Lukas Rosenstock posted a write-up of a group discussing their personal CRM routines he organised. A little over a year ago I was impressed with how Rick Klau (an old blogging connection) described his ‘homebrew CRM‘.

Lukas mentioned there were three groups in his conversation, one using specialised tools, one group using no digital tools, and one group using more general tools (“like Roam, Notion or Airtable“). I’m definitely one of the latter.

After reading Rick’s posting a year ago I parked it for a while, but when I adopted Obsidian for note taking, after a while I also started using it for some light weight CRM notes. Unlike Rick I haven’t added any process or automation, but I did start creating CRM notes so that something like it might become possible over time.

What I started with is making notes about people I encounter.

LinkedIn has one glaring hole in its functionality and that is allowing me to add something about the context of when I met someone. After using LinkedIn for 16 years I now sometimes come across a LinkedIn contact and then don’t remember how or why we connected. LinkedIn by now does show when you connected, allowing me to browse through someone’s CV to see what that person did when we connected and try to remember the context of that connection. Xing, mostly used in German speaking countries, had this from the start including a field for a few notes on when / how you met someone. That has proved valuable. [UPDATE In the comments Aad points out such a feature has been present at some point. Online search suggests it was introduced in 2013/4 with LinkedIn Contacts, and became a premium-only feature from 2017. By 2013 I had some 2k contacts, 8 years worth of interaction, where such contextual info was missing, and I use the free version, so the general point stands, even if factually not correct since 2013]

Back when I used a wiki on my laptop for notes, I also kept CRM style notes in it, especially 2004-2008. The useful bit was that I could link to a person’s page in the various notes I made about meetings, events etc. That ‘backlinking’ overview in itself was a great way of adding contextual info.

With Obsidian and the use of simple text files in markdown I have that back, and actually in a better way than in that wiki of old. Because those text files can be approached by a wide variety of software tools, not just Obsidian.
I’m not attempting to be complete in these CRM notes, I grow them the same way as I grow the other type of notes: when I encounter someone new I make note of it. Especially when I don’t know someone yet, or don’t have a strong connection to someone I make those notes. Not so much of people that I’m already connected to like colleagues. I’ve started a few new projects in the past few months, which is always a moment when you encounter a lot of new people in a new context. So those I’ve made notes for, as it helps understand a new client organisation, relevant stakeholders and context. For now backlinking in meeting and project notes is the way for adding a record of interaction.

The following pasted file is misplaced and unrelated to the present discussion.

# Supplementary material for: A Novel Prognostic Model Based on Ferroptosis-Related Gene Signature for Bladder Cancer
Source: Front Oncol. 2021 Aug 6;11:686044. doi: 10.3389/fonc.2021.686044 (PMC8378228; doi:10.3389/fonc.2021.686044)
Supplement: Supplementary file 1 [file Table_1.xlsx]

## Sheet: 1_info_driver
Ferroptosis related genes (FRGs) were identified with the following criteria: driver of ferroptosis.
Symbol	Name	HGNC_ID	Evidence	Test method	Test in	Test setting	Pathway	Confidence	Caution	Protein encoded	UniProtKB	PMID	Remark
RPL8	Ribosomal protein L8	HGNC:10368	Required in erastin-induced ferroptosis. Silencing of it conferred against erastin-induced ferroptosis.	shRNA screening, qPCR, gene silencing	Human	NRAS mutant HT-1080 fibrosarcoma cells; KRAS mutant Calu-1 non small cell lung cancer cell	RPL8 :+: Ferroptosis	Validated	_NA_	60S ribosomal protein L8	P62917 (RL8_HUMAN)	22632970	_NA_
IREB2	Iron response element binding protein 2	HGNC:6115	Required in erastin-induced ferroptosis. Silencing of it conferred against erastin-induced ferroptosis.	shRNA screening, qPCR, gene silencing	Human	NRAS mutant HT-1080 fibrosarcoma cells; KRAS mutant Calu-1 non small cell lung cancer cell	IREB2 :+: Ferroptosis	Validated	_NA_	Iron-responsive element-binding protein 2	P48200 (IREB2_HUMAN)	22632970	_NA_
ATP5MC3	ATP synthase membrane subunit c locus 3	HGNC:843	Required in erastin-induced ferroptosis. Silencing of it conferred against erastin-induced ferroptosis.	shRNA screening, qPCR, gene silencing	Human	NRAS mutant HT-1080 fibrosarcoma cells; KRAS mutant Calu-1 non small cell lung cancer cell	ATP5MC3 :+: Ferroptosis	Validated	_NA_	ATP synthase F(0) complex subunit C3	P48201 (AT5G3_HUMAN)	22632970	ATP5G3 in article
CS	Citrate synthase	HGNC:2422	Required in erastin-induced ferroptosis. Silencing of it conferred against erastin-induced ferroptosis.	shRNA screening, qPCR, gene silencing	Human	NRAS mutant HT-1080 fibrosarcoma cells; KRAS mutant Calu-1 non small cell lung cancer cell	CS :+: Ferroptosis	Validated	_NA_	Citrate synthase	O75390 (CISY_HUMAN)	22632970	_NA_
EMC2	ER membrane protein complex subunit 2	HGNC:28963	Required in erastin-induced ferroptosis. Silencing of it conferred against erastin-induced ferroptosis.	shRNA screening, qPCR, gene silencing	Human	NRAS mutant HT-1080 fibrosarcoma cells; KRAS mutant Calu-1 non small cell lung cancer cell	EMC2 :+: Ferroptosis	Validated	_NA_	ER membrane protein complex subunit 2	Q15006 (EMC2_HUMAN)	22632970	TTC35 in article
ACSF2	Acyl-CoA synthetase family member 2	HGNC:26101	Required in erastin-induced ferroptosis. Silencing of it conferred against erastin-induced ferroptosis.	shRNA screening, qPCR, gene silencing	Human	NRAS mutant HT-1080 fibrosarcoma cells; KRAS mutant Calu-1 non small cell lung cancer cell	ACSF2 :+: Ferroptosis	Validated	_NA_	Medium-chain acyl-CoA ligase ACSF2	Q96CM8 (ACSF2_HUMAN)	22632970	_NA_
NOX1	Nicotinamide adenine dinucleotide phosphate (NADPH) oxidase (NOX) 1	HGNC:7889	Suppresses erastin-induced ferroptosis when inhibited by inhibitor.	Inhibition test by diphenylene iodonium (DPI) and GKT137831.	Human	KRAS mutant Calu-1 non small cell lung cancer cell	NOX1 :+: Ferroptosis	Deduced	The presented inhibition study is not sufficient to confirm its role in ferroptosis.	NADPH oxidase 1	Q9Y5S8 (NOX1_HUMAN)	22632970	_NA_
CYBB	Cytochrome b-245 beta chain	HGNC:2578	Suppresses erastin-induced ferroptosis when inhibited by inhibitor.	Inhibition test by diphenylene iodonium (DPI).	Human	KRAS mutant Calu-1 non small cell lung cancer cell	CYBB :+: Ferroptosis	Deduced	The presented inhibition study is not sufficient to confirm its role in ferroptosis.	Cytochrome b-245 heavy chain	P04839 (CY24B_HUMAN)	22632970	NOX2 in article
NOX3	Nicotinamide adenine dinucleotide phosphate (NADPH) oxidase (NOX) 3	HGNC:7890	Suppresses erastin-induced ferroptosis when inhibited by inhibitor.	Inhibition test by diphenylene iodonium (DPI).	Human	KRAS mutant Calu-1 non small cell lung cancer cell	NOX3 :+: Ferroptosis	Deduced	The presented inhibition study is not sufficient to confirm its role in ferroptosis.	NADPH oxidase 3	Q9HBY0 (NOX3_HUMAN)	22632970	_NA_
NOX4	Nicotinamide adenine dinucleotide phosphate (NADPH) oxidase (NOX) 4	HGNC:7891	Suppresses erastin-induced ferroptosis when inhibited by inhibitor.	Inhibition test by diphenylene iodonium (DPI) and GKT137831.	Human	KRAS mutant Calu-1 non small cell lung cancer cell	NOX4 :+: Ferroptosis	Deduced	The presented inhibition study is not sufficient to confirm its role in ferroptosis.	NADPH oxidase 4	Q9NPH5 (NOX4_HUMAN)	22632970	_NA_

Maybe in a year or so I can start doing more pro-active things with those notes, like Rick has built into his routines. Another element to me is potentially leaving LinkedIn behind at some point in the future, or at least be somewhat prepared when LinkedIn goes away, as all these platforms do.

Do you have some personal CRM-type routines or automation?

HandShakeHandshakes and conversations is what I’m interested in, not marketing instruments. Image Handshake by Elisha Project, license CC BY SA

13 reactions on “Personal CRM as a Not-LinkedIn

  1. @ton @lukas LinkedIn used to have a feature for personal notes too. Not sure where it went nor whether they still have the (for me) valuable data I entered there.I now follow a similar technique as you do in org-roam and I’m very glad the data is mine. Because I am in control, the notes are now also more structured and they integrate better in other tools I use within this ecosystem.A connection to a personal (linked data) database could bridge across apps.

  2. I had the exact same problem, I used to take notes in Outlook and add recurring reminders to contact people in my calendar. I did try to create bespoke solutions using existing tools, and then I built a team of like-minded people and we created Covve (covve.com). We have designed it to help people stay in touch using smart reminders and giving the right excuse to reach out and coupled it with an easy to use interface. I would love to hear your opinion on what we are building.

  3. @ton Very interesting ideas there. The subject is so broad, the implications of all choices so big, that we are working and thinking hard to get beyond an initial MVP. We want to avoid shipping features that paint us into a corner we can never get out of (a timeline, for example) but also want to offer users enough to be able to actually use the network (maybe people won’t use it if we don’t have a timeline).Feedback as you posted and your blogposts really help with perspective, though.

  4. @flockingbird I’m currently in a beta app called ‘Cooper’ https://cooper.app/ which is based on introductions. But that then leaves you with no place to start from. And the number of times you actually need an introduction, and the times you are open to receiving one are limited in my opinion. Even legitimate requests in my mail are experienced as spammy if they come at the wrong moment e.g., or seem based on misinterpreting my/the recipients role/position.
    Cooper – The meaningful professional network

Bookmarks

  • Interdependent Thoughts - Personal CRM as a Not-LinkedIn - P83 by Peter Stuifzand

Reposts

  • Lukas R.
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